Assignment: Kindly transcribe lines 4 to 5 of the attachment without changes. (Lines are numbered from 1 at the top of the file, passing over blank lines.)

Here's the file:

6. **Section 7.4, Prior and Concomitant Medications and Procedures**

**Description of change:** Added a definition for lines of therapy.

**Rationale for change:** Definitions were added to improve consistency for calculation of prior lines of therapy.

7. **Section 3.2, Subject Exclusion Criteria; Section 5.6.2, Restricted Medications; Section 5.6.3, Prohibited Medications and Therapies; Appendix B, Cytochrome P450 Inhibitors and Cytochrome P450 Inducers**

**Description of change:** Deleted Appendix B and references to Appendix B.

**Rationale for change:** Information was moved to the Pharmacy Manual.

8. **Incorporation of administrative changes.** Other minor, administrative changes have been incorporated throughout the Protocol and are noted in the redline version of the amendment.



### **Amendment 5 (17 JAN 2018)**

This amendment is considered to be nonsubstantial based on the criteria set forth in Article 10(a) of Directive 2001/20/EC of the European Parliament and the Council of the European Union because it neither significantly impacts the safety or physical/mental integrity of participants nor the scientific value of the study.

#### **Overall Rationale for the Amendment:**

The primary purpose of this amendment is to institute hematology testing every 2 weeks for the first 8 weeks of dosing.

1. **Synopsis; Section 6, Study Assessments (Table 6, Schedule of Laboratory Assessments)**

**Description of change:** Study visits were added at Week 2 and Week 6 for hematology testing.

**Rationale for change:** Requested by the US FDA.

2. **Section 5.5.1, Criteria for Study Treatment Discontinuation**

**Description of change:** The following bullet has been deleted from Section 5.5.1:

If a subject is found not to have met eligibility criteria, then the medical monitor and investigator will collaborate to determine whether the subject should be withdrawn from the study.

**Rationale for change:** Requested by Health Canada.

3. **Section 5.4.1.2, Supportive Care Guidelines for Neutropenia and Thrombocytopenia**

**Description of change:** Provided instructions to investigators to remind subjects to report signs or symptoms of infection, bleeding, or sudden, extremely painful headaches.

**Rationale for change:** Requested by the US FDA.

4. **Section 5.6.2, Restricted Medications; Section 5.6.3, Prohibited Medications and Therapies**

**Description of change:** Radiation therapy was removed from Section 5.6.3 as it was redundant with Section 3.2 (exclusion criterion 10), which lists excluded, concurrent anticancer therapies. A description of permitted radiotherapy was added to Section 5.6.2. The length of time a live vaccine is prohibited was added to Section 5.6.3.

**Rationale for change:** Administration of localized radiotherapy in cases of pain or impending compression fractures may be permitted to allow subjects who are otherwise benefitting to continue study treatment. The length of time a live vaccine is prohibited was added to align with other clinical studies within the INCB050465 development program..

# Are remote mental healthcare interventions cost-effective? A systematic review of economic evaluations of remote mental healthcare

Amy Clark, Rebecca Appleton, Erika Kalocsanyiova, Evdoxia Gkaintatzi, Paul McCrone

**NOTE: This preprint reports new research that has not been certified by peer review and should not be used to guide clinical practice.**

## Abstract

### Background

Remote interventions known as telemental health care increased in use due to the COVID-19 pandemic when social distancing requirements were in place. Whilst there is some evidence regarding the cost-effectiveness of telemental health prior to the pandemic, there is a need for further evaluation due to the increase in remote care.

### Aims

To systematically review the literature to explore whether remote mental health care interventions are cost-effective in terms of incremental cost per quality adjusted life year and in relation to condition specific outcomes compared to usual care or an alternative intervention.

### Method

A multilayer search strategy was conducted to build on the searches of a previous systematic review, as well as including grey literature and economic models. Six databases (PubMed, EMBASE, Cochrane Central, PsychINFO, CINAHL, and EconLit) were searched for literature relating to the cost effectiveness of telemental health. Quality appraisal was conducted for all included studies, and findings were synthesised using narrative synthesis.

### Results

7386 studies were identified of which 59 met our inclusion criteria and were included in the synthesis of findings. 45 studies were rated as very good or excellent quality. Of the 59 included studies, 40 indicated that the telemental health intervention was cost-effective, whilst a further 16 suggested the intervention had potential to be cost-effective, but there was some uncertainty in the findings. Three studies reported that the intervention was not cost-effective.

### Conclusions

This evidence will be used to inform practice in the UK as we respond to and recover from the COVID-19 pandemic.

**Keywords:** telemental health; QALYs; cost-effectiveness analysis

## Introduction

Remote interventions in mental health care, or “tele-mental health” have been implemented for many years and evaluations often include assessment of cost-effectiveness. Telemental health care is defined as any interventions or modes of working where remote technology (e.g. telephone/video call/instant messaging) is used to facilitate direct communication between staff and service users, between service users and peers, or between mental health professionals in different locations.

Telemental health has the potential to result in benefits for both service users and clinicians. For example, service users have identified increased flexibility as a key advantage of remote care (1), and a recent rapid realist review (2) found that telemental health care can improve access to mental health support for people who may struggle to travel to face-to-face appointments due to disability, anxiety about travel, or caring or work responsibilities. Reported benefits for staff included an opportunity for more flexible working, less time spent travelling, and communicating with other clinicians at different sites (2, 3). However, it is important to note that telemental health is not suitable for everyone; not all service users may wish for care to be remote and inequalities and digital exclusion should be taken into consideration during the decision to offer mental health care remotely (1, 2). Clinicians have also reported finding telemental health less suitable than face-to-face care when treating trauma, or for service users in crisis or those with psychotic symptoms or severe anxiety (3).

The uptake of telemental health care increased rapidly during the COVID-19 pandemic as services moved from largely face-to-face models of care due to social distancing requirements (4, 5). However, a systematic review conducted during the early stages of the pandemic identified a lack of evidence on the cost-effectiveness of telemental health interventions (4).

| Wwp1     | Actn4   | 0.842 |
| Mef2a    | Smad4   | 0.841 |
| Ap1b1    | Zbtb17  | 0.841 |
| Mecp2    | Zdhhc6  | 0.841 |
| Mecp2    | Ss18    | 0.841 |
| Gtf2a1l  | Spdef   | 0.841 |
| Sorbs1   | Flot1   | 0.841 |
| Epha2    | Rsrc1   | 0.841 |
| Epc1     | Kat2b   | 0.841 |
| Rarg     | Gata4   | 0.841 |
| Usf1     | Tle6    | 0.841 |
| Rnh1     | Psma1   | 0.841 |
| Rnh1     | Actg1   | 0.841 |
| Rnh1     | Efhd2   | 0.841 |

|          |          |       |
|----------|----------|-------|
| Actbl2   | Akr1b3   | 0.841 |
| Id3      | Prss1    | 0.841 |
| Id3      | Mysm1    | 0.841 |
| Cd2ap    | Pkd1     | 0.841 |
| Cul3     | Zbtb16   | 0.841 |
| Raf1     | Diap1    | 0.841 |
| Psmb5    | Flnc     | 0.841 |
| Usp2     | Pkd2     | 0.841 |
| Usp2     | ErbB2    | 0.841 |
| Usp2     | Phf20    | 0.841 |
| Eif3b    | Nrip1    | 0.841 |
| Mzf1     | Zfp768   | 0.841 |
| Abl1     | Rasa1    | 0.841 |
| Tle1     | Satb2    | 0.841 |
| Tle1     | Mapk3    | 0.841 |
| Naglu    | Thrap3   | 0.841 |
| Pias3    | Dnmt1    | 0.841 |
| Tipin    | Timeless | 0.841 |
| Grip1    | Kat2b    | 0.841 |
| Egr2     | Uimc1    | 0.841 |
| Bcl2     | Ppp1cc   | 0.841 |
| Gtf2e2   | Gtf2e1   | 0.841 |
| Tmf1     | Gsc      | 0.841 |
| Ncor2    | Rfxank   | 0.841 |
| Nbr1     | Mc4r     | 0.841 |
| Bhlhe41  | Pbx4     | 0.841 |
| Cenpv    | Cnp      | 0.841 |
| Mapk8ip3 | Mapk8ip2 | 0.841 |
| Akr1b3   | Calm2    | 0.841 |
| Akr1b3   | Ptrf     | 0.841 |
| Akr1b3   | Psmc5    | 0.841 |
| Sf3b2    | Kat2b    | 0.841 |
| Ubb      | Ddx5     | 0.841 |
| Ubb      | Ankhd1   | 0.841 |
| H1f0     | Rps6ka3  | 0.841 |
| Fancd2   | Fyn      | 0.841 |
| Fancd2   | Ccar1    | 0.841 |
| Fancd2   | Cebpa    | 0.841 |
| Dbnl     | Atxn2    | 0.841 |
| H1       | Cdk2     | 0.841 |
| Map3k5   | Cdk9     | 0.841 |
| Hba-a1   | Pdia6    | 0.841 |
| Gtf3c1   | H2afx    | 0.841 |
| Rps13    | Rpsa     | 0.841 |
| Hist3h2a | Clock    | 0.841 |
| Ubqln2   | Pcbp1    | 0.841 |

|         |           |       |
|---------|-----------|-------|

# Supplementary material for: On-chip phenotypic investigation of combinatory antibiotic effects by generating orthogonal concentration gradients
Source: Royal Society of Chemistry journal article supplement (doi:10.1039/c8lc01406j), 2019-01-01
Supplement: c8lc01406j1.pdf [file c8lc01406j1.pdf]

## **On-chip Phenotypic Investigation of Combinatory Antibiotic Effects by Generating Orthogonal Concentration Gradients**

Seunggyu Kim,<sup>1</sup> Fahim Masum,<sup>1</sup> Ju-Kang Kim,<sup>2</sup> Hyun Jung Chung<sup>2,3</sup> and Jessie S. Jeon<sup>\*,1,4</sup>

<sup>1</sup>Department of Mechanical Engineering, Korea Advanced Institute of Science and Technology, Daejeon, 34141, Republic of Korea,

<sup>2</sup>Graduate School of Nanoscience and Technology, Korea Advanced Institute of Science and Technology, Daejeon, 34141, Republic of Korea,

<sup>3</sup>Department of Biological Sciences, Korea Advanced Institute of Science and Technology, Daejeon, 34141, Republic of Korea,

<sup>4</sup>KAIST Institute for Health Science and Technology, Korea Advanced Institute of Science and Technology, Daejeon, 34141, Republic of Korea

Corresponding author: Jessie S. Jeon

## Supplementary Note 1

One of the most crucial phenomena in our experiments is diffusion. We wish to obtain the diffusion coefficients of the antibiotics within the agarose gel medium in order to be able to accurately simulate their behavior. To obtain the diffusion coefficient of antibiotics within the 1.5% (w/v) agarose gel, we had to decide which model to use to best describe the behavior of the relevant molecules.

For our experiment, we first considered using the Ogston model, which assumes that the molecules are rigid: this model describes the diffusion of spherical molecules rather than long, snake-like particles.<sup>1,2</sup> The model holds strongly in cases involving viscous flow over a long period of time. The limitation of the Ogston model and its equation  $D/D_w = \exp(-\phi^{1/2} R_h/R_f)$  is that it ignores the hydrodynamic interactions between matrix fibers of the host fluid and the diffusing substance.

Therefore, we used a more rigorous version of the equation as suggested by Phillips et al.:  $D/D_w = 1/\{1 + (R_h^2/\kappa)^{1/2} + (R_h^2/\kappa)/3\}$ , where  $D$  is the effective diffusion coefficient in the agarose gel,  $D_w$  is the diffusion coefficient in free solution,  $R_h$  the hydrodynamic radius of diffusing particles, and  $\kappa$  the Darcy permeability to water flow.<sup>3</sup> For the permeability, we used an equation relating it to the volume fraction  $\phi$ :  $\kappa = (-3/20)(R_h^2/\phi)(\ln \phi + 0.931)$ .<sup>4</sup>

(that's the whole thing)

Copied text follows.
7. **Section 3.2, Subject Exclusion Criteria; Section 5.6.2, Restricted Medications; Section 5.6.3, Prohibited Medications and Therapies; Appendix B, Cytochrome P450 Inhibitors and Cytochrome P450 Inducers**

**Description of change:** Deleted Appendix B and references to Appendix B.